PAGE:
Archie Greene and the Magician’s Secret
D. D. Everest
Faber & Faber, 2014
hbk., 240pp., RRP $A16.99
In a secret world deep beneath the hallowed halls of the Bodleian Library in Oxford lies the Museum of Magical Miscellany, a repository of all the world’s magical books and artefacts saved from the fire that destroyed the ancient Library of Alexandria and then again from the Great Fire of London in 1666. It is into this world that Archie Greene finds himself when he receives a mysterious gift on his 12th birthday, a gift that has been waiting 400 years to be delivered and which turns Archie’s life upside-down so that within 24 hours he has been uprooted from the comfort of his grandmother’s house (and she has gone on a mysterious mission) to the quirky Oxford residence of his previously unknown cousins Bramble and Thistle Foxe. He discovers that not only does he bear the mark of the Flame Keepers of Alexandria – those who find, mind and bind the books that are not yet within the safe confines of the Museum – but he is also a book whisperer. He can hear the words of the books as they rustle their pages to tell their secrets.
Immediately, Archie is thrown into a tricky situation as he discovers that his birthday book is one of the Terrible Tomes, one of the seven most dangerous books of dark-magic ever written and one which the Greaders (those who seek the magic for their own wicked purposes) would dearly love to have. As he learns more and discovers the secrets of the books, Archie realises the important role he has to play in protecting and preserving the ancient lores so the magic arts remain safe. He also starts to learn a little of his own life, something his grandmother has tried to keep a secret since his parents and sister died as she protects him from the past.
Archie is a likeable lad who is, predictably, bewildered at this new life and all that is happening to him, which makes it easy for Everest to build the fantasy world so the reader learns about it along with Archie. Did you know there are three types of magic? The first is natural magic which comes from the creatures and plants and forces of nature; the second is mortal magic, that created by magicians using instruments and other devices; and the third – the most dangerous – is supernatural magic which draws on the power of the spirits and other supernatural beings. There are also five lores to be adhered to so there is not another disaster like that of 1666. As all this is as new to Archie as it is to the reader, there is both empathy and understanding as he makes choices that he believes are for the best and we learn about being brave and courageous and he is well supported by the other well-drawn characters in the story. And there is just enough real history in the storyline to make it all tantalisingly true.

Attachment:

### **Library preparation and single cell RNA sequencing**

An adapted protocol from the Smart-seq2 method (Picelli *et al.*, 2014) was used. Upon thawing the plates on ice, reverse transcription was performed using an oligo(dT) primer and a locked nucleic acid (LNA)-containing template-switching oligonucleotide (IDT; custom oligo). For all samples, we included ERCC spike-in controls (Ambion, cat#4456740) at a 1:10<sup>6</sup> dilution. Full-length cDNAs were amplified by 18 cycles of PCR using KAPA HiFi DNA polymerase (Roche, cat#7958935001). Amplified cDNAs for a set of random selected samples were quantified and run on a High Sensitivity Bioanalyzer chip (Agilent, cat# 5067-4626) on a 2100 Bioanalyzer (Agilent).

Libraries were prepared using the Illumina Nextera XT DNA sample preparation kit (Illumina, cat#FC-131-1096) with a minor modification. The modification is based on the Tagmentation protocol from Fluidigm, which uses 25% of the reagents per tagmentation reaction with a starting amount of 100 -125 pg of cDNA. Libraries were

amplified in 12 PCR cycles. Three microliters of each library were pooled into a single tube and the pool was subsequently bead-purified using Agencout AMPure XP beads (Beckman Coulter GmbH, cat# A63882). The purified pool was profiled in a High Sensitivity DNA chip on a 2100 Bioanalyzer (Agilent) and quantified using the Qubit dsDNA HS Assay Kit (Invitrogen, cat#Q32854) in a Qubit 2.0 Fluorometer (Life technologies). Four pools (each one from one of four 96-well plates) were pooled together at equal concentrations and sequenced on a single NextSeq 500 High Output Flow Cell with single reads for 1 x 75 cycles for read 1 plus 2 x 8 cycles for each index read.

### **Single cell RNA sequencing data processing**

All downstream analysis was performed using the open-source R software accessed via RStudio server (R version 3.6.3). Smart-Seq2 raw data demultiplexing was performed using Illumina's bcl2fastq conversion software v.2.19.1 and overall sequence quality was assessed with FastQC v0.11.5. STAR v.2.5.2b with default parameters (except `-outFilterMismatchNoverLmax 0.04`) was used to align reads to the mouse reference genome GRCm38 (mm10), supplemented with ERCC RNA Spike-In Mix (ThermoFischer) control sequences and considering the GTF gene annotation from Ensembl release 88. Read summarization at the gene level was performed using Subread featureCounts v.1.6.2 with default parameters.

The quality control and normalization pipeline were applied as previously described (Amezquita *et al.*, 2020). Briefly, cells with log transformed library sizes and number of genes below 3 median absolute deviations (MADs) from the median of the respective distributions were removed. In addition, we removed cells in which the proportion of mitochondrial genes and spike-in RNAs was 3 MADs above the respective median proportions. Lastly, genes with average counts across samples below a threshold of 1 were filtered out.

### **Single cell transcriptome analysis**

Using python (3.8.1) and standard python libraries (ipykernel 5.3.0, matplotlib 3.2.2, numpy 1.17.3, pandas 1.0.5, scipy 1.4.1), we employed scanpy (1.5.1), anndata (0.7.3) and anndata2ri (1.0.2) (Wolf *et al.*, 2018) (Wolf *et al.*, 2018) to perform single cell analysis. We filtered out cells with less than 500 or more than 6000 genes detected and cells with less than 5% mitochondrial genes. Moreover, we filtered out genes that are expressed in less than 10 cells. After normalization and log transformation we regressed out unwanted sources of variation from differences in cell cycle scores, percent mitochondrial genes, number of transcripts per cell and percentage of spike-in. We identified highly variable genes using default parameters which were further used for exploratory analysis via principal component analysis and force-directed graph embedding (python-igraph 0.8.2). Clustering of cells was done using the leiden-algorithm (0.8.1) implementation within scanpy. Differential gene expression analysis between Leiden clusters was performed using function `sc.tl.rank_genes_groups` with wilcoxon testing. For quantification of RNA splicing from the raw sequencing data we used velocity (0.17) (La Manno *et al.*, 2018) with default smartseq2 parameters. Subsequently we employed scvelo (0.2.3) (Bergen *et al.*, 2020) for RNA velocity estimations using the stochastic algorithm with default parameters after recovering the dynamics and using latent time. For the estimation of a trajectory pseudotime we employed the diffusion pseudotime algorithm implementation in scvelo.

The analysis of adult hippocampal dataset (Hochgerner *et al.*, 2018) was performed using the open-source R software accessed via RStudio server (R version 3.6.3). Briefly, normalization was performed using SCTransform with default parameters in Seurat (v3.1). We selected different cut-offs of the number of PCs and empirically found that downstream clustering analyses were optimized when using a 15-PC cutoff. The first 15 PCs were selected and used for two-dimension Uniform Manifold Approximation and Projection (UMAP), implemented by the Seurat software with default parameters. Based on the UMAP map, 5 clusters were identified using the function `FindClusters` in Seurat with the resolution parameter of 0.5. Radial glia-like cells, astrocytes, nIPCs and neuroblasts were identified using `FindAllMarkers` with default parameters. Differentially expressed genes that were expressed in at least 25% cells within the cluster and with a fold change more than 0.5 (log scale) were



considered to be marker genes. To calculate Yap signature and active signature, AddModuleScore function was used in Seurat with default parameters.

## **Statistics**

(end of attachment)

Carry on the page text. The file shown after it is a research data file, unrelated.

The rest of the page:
This is a story of magic and mystery that has more twists and turns than the underground passages of the Museum of Magical Miscellany. It is a well-written page turner that has a host of characters, both good and evil, and right from the start the reader is never really sure just who can be trusted and who is not quite who they seem. While, on the surface, it seems an easy read for the young independent reader, it may be more suited to those who are able to follow various plot strands and multiple characters simultaneously. It would make an excellent read-aloud, encouraging listeners to be not only waiting for the next chapter but also the next addition to the series.
Parallels will be drawn with another series involving an orphaned boy who discovers he “has the magic” and has to fight against the evil mortals but that’s pretty much where the similarities end. This is a fresh and new story where “bookshelves are enchanted, librarians are sorcerers and spells come to life” that is not quite as dark as You-Know-Whom. Archie Greene will become a favourite and I will be waiting for Archie Greene and the Alchemist’s Curse, coming later this year.